City Attorney Dennis Herrera promised MonkeyParking a lawsuit if they don't meet his deadline. He "contends MonkeyParking and two other similar parking startups [ParkModo and Sweetch] also facing legal action have built business models entirely premised on illegal transactions - selling access to part of a public street," writes John Coté.
The parking apps point to the underpricing, or in some cases, no pricing, of valuable parking spaces, even if they are public. In addition, the app can help turn-over spaces, always a goal in parking management, as MonkeyParking CEO previously told the Chronicle: "His company was just a facilitator between those looking for parking spots and those who need some incentive to leave a space," writes Coté.
However, at least one tech company involved in the parking business saw it differently.
"Companies should look to help solve urban living issues through technology, instead of taking advantage of public property or city residents," said Ashley Cummings, co-founder of Carmanation, a San Francisco startup that matches drivers with owners of private parking spaces.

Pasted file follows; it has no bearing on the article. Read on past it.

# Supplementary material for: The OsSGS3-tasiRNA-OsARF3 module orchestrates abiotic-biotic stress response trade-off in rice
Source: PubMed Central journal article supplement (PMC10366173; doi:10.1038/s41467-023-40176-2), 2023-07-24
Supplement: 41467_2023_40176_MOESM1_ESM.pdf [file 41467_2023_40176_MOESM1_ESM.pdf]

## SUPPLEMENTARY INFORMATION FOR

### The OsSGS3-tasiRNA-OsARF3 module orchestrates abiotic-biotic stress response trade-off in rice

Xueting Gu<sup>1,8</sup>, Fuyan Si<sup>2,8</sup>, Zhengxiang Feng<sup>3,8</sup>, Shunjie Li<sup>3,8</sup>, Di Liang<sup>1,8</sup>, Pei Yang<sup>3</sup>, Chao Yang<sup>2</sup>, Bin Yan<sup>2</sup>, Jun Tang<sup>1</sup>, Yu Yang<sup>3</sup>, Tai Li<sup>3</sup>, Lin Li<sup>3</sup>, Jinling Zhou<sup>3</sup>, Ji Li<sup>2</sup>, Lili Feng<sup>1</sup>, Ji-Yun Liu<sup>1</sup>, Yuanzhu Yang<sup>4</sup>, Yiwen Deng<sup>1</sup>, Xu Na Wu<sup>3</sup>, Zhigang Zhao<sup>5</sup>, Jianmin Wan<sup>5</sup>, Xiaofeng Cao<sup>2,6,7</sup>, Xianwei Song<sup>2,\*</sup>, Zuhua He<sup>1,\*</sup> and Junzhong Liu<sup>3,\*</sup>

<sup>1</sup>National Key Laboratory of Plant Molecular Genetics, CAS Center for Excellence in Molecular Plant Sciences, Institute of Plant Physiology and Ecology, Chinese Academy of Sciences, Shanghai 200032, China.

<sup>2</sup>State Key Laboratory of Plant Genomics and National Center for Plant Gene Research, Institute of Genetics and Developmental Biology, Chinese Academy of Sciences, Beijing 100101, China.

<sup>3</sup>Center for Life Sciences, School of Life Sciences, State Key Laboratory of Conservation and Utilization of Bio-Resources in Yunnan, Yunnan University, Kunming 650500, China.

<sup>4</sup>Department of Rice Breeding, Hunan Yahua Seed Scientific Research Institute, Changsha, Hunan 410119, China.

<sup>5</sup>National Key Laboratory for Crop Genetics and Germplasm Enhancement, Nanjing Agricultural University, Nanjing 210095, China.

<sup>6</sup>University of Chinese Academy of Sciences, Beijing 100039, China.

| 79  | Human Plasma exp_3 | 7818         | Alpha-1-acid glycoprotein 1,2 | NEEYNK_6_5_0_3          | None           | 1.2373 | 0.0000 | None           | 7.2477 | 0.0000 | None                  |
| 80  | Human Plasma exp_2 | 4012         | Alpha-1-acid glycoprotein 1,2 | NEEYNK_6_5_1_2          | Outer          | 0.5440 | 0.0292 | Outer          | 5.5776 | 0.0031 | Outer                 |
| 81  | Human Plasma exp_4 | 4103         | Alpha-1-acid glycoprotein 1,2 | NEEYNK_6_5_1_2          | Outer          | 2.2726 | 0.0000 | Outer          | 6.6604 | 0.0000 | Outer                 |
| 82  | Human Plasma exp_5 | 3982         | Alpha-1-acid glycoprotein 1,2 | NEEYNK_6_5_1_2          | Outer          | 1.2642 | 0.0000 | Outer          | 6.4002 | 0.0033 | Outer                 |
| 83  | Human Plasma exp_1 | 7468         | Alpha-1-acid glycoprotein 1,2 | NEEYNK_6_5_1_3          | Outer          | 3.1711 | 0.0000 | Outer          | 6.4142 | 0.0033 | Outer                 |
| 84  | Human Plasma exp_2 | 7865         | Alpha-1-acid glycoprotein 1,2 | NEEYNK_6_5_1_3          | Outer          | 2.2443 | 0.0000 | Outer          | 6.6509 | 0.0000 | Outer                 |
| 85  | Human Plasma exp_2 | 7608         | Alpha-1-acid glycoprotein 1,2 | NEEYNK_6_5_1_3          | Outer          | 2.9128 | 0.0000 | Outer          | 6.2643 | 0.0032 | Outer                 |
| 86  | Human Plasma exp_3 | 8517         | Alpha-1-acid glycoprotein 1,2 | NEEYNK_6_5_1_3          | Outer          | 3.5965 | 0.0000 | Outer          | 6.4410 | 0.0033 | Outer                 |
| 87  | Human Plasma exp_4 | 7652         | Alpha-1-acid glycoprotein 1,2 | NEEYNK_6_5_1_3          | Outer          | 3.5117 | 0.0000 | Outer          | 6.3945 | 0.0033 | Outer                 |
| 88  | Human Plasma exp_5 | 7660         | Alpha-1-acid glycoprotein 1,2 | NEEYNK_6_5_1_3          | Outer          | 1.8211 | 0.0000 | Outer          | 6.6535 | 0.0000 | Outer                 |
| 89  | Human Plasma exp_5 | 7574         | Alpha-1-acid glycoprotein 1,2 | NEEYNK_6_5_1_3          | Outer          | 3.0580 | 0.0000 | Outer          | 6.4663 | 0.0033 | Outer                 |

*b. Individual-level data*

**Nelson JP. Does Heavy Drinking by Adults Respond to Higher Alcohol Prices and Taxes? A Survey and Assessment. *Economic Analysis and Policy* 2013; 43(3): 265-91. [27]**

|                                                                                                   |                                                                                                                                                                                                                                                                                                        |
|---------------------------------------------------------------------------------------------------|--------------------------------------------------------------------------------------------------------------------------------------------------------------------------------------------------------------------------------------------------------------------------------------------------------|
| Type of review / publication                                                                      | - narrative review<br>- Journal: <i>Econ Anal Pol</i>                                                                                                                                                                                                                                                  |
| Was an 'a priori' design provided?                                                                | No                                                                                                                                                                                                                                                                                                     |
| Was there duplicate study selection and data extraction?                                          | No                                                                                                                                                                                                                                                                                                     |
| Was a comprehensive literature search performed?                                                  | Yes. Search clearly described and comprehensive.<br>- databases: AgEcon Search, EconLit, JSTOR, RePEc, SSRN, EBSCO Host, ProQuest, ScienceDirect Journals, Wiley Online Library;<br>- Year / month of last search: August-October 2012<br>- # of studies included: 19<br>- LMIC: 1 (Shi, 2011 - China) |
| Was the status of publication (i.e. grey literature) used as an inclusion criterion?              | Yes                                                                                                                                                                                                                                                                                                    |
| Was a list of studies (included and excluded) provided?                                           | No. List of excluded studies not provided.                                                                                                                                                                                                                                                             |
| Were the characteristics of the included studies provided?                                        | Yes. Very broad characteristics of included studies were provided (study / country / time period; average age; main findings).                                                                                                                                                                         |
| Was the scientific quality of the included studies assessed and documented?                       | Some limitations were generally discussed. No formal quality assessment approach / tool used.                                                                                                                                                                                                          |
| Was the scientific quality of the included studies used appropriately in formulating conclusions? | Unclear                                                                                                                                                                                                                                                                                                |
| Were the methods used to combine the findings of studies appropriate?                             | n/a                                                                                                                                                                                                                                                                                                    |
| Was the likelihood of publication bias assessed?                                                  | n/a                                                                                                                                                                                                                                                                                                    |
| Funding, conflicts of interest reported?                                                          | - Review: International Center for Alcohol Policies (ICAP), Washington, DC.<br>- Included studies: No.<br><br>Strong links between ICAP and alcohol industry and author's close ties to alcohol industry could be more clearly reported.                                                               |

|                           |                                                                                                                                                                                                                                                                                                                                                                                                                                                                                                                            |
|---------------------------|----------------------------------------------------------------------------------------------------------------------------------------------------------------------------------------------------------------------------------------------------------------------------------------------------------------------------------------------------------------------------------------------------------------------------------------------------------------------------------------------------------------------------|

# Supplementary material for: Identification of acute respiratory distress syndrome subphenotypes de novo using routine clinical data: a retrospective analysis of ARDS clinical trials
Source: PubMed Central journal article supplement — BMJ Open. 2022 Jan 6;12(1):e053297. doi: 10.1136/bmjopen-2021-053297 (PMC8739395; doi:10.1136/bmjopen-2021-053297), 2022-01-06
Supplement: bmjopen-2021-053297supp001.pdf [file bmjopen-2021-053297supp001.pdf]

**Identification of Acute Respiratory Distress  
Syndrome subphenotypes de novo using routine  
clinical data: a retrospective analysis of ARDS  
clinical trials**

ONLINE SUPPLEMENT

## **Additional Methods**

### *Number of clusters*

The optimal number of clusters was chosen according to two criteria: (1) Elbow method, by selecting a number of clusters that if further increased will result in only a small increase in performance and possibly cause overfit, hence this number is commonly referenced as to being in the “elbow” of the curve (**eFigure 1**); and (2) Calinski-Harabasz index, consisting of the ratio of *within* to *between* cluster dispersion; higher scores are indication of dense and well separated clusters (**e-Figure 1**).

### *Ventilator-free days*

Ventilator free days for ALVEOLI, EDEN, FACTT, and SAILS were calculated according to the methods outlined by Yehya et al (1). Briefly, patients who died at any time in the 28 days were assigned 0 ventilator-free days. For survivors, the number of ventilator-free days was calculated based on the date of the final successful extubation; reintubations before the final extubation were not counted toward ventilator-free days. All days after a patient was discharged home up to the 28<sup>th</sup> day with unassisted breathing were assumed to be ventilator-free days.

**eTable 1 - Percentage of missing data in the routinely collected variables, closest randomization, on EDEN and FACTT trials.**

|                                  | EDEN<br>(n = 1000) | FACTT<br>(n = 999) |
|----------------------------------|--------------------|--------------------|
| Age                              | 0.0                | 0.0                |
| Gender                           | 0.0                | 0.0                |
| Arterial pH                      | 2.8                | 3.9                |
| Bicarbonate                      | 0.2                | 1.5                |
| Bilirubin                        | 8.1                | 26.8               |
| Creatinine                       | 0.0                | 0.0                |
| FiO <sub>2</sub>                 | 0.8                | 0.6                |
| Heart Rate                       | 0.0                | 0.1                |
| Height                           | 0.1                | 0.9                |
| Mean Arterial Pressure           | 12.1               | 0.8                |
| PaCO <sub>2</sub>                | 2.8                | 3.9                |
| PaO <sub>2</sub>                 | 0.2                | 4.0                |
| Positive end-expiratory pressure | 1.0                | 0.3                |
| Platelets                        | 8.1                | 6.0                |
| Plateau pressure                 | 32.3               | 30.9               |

Herrera referenced the marketing of private parking spots in a statement about the three apps captured by Kate Conger of The San Francisco Examiner:
"It's illegal, it puts drivers on the hook for $300 fines, and it creates a predatory private market for public parking spaces that San Franciscans will not tolerate. Worst of all, it encourages drivers to use their mobile devices unsafely — to engage in online bidding wars while driving. People are free to rent out their own private driveways and garage spaces should they choose to do so. But we will not abide businesses that hold hostage on-street public parking spots for their own private profit."